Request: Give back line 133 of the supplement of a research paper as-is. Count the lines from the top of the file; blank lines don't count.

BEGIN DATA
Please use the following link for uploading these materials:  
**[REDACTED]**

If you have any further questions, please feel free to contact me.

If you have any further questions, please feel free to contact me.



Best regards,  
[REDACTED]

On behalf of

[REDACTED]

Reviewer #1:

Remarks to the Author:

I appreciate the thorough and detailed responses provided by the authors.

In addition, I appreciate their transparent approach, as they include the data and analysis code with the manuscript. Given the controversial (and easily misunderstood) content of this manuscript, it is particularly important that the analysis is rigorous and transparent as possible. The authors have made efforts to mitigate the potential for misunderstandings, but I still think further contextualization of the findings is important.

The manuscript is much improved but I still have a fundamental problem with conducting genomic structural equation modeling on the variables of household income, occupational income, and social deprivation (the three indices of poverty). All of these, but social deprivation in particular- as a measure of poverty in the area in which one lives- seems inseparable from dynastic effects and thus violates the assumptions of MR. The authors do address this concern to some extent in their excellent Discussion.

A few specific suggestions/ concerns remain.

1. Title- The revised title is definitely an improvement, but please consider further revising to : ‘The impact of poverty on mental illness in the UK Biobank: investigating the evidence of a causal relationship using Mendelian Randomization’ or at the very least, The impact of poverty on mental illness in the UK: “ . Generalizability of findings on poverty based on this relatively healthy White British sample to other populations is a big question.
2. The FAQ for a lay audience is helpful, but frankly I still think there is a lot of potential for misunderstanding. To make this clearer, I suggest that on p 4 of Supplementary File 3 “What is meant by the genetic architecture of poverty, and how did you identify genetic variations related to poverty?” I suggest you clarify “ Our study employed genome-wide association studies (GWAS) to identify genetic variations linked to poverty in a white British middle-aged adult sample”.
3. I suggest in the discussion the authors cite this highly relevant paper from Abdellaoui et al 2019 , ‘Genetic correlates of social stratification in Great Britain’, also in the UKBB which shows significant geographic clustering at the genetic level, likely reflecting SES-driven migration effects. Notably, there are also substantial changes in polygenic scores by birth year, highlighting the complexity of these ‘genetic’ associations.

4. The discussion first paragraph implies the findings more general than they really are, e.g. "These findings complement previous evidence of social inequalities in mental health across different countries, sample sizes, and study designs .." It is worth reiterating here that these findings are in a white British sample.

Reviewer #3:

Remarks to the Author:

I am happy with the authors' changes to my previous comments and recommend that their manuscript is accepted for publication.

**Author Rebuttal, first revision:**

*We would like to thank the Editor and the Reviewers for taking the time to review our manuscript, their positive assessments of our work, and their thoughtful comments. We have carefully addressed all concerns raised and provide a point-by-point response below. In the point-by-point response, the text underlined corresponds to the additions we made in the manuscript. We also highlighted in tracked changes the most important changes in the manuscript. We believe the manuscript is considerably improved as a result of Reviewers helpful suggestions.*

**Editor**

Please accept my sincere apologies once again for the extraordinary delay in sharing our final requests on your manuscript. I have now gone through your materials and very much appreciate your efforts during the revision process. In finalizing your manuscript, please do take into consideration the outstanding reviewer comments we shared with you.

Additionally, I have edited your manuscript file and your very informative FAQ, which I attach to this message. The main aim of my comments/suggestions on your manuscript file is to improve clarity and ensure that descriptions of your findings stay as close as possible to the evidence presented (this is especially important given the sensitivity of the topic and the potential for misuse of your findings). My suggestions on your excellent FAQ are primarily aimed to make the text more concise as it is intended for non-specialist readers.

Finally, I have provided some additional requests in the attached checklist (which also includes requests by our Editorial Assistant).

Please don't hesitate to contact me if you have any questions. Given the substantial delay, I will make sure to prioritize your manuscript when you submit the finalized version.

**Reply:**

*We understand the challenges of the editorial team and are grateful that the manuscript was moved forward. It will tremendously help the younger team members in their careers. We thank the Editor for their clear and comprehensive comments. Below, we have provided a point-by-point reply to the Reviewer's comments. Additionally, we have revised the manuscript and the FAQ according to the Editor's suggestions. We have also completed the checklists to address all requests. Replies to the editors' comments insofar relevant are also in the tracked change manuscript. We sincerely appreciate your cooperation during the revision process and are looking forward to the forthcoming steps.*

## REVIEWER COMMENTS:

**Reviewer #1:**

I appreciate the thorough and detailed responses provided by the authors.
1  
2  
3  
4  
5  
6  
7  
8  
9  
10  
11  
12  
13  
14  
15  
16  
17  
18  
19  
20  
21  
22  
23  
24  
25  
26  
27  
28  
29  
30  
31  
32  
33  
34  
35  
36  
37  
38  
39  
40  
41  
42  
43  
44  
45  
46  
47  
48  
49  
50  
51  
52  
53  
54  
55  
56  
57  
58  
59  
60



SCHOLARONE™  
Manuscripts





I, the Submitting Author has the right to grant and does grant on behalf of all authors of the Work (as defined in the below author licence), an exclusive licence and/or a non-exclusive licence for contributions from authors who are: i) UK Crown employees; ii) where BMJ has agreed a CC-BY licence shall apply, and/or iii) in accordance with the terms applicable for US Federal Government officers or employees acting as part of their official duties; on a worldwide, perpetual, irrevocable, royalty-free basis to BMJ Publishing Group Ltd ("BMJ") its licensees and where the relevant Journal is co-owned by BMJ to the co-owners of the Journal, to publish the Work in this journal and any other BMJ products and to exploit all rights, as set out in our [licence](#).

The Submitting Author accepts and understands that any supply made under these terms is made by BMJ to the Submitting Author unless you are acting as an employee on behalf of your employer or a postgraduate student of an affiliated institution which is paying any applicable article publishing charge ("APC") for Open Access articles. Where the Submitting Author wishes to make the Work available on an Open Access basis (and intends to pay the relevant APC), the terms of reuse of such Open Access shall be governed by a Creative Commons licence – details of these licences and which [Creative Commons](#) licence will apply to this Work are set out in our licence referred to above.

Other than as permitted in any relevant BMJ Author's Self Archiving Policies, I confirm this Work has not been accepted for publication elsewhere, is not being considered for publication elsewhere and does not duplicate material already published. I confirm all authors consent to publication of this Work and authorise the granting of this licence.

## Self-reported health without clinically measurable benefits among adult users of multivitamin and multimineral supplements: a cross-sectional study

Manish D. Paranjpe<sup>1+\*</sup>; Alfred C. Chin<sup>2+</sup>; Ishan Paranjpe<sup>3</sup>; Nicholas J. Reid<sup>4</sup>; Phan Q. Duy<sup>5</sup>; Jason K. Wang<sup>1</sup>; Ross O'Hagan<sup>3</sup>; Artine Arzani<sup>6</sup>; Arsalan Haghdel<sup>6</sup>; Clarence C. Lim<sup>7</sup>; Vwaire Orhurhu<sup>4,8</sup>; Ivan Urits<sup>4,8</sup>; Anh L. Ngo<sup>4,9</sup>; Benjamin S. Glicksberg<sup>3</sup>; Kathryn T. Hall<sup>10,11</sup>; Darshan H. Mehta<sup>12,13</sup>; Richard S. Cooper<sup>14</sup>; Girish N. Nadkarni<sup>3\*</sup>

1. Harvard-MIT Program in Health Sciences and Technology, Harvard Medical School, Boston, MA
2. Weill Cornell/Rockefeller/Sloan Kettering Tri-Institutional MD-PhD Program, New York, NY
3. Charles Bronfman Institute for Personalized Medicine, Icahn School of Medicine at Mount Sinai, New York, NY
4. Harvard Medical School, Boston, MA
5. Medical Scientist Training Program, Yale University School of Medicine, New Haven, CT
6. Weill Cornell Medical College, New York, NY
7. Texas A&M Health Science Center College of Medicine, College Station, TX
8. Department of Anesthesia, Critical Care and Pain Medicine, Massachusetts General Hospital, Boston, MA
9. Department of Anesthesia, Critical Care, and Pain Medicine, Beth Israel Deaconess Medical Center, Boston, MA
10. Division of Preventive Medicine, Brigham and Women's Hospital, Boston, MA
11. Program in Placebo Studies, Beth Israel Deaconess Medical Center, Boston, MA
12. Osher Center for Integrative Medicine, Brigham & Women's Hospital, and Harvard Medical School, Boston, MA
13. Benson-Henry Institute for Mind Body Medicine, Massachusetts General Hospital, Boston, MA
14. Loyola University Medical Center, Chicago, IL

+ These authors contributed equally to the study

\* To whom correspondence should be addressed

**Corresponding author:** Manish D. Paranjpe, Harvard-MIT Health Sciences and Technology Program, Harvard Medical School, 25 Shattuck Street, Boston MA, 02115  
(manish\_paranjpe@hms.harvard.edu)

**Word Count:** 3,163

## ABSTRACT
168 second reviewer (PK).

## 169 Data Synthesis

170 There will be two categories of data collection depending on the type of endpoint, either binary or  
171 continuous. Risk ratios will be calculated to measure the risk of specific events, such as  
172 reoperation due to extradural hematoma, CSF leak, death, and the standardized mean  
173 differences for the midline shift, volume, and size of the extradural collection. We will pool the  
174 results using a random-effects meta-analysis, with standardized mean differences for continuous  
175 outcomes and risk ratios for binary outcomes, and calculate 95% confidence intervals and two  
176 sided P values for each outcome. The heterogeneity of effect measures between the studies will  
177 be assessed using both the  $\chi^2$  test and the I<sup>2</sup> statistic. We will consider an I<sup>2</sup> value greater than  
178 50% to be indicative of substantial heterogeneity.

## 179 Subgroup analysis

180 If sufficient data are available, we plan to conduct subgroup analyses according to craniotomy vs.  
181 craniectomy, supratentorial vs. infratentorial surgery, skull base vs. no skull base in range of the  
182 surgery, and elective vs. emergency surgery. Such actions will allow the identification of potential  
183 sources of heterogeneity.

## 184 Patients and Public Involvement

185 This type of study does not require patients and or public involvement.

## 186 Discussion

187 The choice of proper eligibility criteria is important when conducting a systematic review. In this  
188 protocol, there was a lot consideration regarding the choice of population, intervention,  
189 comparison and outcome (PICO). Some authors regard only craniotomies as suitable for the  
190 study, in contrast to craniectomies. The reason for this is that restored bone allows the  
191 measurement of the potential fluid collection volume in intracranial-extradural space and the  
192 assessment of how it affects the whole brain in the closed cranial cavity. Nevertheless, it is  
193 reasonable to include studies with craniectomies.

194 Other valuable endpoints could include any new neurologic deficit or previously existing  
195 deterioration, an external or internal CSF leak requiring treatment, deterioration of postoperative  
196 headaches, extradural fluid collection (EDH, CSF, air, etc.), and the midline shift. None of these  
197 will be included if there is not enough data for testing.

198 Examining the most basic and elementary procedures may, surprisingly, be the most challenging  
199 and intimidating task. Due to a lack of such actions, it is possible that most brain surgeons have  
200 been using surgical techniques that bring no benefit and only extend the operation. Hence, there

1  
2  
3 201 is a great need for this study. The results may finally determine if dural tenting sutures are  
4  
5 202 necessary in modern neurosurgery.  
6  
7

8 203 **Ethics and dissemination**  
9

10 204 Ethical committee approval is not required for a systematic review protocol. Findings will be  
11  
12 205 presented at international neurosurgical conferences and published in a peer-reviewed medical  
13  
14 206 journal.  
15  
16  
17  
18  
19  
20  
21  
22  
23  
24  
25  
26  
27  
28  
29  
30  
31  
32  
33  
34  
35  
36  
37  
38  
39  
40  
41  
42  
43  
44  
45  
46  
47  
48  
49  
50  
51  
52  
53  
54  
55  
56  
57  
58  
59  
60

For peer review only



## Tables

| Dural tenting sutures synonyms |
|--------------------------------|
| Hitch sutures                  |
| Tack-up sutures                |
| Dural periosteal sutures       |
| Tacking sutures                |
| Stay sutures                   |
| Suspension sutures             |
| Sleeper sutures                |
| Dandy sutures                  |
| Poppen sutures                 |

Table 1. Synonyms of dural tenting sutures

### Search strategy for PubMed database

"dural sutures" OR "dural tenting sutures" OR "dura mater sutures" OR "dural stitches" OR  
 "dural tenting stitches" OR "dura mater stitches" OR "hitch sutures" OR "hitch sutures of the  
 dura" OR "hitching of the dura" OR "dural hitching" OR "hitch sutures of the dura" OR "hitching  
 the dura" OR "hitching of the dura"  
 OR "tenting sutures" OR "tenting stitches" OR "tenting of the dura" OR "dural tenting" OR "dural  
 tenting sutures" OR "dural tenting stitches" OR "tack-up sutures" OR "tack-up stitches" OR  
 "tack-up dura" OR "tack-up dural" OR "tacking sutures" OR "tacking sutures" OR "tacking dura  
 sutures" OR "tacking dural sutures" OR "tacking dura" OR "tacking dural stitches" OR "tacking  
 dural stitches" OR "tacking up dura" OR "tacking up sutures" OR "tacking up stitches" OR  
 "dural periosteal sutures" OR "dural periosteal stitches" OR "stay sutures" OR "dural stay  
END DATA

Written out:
180 If sufficient data are available, we plan to conduct subgroup analyses according to craniotomy vs.  